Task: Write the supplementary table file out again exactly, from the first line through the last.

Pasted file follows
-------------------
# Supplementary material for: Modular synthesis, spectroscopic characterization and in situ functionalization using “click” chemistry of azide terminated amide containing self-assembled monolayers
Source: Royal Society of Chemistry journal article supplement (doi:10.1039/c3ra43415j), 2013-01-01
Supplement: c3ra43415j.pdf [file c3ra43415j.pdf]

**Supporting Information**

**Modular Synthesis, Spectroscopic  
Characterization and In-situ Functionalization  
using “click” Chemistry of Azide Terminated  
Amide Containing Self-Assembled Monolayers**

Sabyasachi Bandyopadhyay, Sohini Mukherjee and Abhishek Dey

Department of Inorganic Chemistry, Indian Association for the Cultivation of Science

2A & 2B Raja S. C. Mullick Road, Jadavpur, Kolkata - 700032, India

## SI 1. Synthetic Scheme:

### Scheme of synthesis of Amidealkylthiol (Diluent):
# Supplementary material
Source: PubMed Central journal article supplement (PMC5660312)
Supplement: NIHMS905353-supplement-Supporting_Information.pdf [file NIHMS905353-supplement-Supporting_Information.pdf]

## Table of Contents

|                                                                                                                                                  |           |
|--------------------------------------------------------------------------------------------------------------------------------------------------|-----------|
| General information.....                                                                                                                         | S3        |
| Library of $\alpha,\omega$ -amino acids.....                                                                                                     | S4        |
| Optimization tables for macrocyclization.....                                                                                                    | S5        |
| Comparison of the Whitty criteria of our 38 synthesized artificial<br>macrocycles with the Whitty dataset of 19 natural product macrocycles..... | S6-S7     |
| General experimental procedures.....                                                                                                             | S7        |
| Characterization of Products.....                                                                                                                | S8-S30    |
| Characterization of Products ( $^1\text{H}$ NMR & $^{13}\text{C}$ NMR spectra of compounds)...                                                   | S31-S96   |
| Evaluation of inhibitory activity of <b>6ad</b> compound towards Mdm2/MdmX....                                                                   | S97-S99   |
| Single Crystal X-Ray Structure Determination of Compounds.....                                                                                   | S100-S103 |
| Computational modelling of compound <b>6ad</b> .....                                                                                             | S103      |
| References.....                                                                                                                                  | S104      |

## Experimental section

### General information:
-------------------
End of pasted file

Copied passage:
# Supplementary material for: Modular synthesis, spectroscopic characterization and in situ functionalization using “click” chemistry of azide terminated amide containing self-assembled monolayers
Source: Royal Society of Chemistry journal article supplement (doi:10.1039/c3ra43415j), 2013-01-01
Supplement: c3ra43415j.pdf [file c3ra43415j.pdf]

**Supporting Information**

**Modular Synthesis, Spectroscopic  
Characterization and In-situ Functionalization  
using “click” Chemistry of Azide Terminated  
Amide Containing Self-Assembled Monolayers**

Sabyasachi Bandyopadhyay, Sohini Mukherjee and Abhishek Dey

Department of Inorganic Chemistry, Indian Association for the Cultivation of Science

2A & 2B Raja S. C. Mullick Road, Jadavpur, Kolkata - 700032, India

## SI 1. Synthetic Scheme:

### Scheme of synthesis of Amidealkylthiol (Diluent):
# Supplementary material
Source: PubMed Central journal article supplement (PMC5660312)
Supplement: NIHMS905353-supplement-Supporting_Information.pdf [file NIHMS905353-supplement-Supporting_Information.pdf]

## Table of Contents

|                                                                                                                                                  |           |
|--------------------------------------------------------------------------------------------------------------------------------------------------|-----------|
| General information.....                                                                                                                         | S3        |
| Library of $\alpha,\omega$ -amino acids.....                                                                                                     | S4        |
| Optimization tables for macrocyclization.....                                                                                                    | S5        |
| Comparison of the Whitty criteria of our 38 synthesized artificial<br>macrocycles with the Whitty dataset of 19 natural product macrocycles..... | S6-S7     |
| General experimental procedures.....                                                                                                             | S7        |
| Characterization of Products.....                                                                                                                | S8-S30    |
| Characterization of Products ( $^1\text{H}$ NMR & $^{13}\text{C}$ NMR spectra of compounds)...                                                   | S31-S96   |
| Evaluation of inhibitory activity of <b>6ad</b> compound towards Mdm2/MdmX....                                                                   | S97-S99   |
| Single Crystal X-Ray Structure Determination of Compounds.....                                                                                   | S100-S103 |
| Computational modelling of compound <b>6ad</b> .....                                                                                             | S103      |
| References.....                                                                                                                                  | S104      |

## Experimental section

### General information: